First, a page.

In studying the book of Acts, it is always amazing to see just how much time is covered in such a few short chapters.  In all, Acts covers about 30 years of history:

  • chs 1–2 cover≈ 50 days
  • chs 3:1–9:31 ≈ 3–4 years;
  • chs 9:32–12:24 ≈ 10 years;
  • chs 12:25–16:5 ≈ 5 years;
  • chs 16:6–19:41 ≈ 6 years;
  • chs 20:1–28:31 ≈ 7 years.
  • In some places in Luke’s writing like chs 9:32–12:24. there are large gaps.

[ see, David Wenham and Steve Walton, Exploring the New Testament, Volume 1: The Gospels and Acts (London: Society for Promoting Christian Knowledge, 2001), 287.]

I have put together the following tables that might help give some perspective.

Acts 1

Acts 2

Acts 3

Acts 4

Dating the Gospels

There are competing theories based on the best evidence for when the 4 Gospels were written.  The following is a summary of dates based on the evidence.

Mark: 50’s AD

Another method of dating the Synoptic Gospels starts from the book of Acts. Acts ends with Paul spending two years in prison at Rome (28:30), ca a.d. 61–63. If Luke wrote Acts while Paul was still in prison at Rome (one view is that Luke wrote Luke-Acts as a document for use by Paul in his trial before the emperor), then Luke would have to be dated before a.d. 63, for Acts 1:1 refers to Luke as already written. If Luke used Mark as a written source, Mark would have to be dated still earlier, in the 50’s of the 1st century.

F. V. Filson, “Gospels, Synoptic,” ed. Geoffrey W Bromiley, The International Standard Bible Encyclopedia, Revised (Wm. B. Eerdmans, 1979–1988), 535.

Luke: Early 60’s AD

The book of Acts ends with Paul in a Roman prison. Prior to that, Luke documents many of Paul’s other imprisonments, trials, persecutions, and various other abuses that he suffered. But Luke does not document the beheading of Paul under Caesar Nero at the end of the imprisonment mentioned at the end of Acts. Nor does he mention any other event that fell after about AD 62. This suggests that Acts was written before Paul’s execution. It seems highly unlikely that Luke would mention other such persecutions and not Paul’s martyrdom. Thus, Acts can be reasonably dated before the death of Paul sometime between AD 62 and 65. And the Gospel of Luke shortly preceded Acts, probably in the very early 60s.

Doug Powell, Holman QuickSource Guide to Christian Apologetics (Nashville, TN: Holman Reference, 2006), 135–136.

Matthew: 50’s or 60’s AD

Dating Matthew depends on a resolution of the Synoptic problem: how to interpret the fact, for example, that 91 percent of Mark is contained in Matthew. If the Griesbach hypothesis is true (Matthew wrote first, and his Gospel was condensed by Mark), then Matthew and its Jewish focus may well reflect an early period of the church, even the A.D. 50s”>But if the more commonly held priority of Mark is assumed, and its authorship is assigned to the 50s or 60s, Matthew would date to the later 50s or 60s”>Other scholarship, however, has generally inclined toward a date after the 70s”>In the absence of new evidence, no firm date is possible beyond such ranges.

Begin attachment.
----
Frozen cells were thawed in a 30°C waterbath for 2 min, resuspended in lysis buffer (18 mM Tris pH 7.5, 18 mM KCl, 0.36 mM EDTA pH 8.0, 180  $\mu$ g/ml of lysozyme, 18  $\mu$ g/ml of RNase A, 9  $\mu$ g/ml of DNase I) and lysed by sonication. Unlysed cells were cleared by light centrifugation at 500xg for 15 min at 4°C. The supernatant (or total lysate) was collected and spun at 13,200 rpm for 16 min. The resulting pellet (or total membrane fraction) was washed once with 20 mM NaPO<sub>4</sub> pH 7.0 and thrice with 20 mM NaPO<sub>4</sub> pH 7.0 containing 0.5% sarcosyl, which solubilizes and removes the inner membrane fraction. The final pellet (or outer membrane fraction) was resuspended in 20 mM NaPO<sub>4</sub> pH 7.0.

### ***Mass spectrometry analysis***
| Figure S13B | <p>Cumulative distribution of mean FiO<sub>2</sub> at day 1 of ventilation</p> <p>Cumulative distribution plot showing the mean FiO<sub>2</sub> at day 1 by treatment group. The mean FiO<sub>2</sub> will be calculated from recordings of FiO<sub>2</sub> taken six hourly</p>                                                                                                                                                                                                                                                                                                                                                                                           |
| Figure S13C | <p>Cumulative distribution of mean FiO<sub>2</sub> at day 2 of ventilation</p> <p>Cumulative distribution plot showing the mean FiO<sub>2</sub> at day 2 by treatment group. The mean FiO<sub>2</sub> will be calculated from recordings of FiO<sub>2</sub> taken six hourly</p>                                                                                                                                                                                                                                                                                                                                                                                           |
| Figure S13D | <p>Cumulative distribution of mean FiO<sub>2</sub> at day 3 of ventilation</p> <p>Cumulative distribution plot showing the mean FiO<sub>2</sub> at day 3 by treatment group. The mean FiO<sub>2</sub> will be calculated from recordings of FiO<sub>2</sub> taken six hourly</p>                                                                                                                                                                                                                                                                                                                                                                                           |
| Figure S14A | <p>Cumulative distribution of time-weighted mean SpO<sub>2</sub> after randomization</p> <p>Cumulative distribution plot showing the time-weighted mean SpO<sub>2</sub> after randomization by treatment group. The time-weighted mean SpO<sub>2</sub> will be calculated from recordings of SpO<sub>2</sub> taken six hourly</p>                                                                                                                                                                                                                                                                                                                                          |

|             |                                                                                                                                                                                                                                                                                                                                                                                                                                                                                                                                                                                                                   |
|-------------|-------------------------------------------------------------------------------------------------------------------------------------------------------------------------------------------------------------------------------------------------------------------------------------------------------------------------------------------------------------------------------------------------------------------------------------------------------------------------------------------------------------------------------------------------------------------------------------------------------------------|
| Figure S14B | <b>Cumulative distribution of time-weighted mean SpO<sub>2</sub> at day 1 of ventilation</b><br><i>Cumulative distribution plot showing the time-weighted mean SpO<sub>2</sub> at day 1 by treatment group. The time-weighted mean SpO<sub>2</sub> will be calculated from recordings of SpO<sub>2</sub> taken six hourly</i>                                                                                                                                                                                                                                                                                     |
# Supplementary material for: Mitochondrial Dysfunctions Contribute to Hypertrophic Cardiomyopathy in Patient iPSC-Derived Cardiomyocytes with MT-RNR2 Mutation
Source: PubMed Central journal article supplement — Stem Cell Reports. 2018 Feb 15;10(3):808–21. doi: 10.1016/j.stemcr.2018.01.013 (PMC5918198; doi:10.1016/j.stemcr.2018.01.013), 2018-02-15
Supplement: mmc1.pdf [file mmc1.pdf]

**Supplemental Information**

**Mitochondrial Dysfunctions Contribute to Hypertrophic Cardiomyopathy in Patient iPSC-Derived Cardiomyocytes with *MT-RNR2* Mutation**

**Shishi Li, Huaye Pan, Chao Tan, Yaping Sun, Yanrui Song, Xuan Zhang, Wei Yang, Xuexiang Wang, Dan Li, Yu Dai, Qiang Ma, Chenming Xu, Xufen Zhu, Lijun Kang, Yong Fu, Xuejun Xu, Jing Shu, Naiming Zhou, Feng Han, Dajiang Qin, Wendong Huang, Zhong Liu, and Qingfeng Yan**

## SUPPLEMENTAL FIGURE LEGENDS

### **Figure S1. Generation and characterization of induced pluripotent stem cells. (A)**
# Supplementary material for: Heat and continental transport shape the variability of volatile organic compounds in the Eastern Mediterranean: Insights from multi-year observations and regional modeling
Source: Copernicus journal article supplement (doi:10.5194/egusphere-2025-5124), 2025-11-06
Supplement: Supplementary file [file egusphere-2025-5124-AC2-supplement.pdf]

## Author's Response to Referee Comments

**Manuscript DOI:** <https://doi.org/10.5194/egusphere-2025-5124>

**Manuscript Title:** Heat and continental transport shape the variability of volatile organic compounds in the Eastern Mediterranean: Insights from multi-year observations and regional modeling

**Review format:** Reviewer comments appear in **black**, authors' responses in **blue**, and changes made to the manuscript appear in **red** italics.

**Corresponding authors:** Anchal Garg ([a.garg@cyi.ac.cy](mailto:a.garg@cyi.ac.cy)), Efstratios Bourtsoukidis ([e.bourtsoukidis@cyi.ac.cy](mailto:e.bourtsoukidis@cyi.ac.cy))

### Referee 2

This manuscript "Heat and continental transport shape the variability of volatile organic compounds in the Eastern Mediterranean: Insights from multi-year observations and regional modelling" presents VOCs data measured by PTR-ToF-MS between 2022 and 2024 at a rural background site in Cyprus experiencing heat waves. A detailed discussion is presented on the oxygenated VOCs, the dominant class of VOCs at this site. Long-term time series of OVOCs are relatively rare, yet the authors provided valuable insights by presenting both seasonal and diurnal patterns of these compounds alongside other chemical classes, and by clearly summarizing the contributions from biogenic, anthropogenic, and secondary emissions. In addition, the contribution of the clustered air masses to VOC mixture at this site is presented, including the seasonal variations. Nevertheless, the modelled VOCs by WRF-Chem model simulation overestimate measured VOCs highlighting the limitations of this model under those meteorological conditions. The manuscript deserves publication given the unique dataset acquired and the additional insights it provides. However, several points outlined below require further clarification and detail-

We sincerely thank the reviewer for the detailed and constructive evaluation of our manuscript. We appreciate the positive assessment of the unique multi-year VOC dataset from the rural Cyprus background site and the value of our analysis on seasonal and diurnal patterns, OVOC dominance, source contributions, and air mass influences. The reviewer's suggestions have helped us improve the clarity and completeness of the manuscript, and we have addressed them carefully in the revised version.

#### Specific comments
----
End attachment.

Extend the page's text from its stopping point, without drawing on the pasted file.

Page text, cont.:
Ralph P. Martin and Peter H. Davids, eds., Dictionary of the Later New Testament and Its Developments (Downers Grove, IL: InterVarsity Press, 1997), 188.

John: < 75 AD

Third, putting Mark first fits Kirby’s unproven evolutionary redaction assumption because Mark is shorter and the others can be made to look like a longer development of Mark. This is akin to Bruno Bauer putting John in the second century as a result of assuming an unfounded Hegelian dialectic that demanded this because John was allegedly a later synthesis of the earlier thesis of Peter and antithesis of Paul. However, the early dating of John within the first century due to the discovery of the John Ryland Fragment was dated just after the end of the first century in a little town in Egypt. This along with the evidence from Qumran let the Dean of Archaeology of the twentieth century, Professor William F. Albright, date the entire New Testament by A.D. 75 and John even earlier.  So, the factual evidence flies in the face of the a priori evolutionary and developmental hypotheses.

Carrier, Richard.“The Spiritual Body of Christ and the Legend of the Empty Tomb.” Christian Apologetics Journal 5, no. 1 Southern Evangelical Seminary, (2006): 67–68.

Dr. J.R. Miller is a Professor of Applied Theology and Leadership & Dean of Online Learning at Southern California Seminary. Outside work, he is a church planter. Dr. Miller has a diverse educational background and authored multiple books on church history, biblical theology, and Leadership. Joe and his wife Suzanne enjoy the sun and surf with their 3 sons in San Diego, CA.

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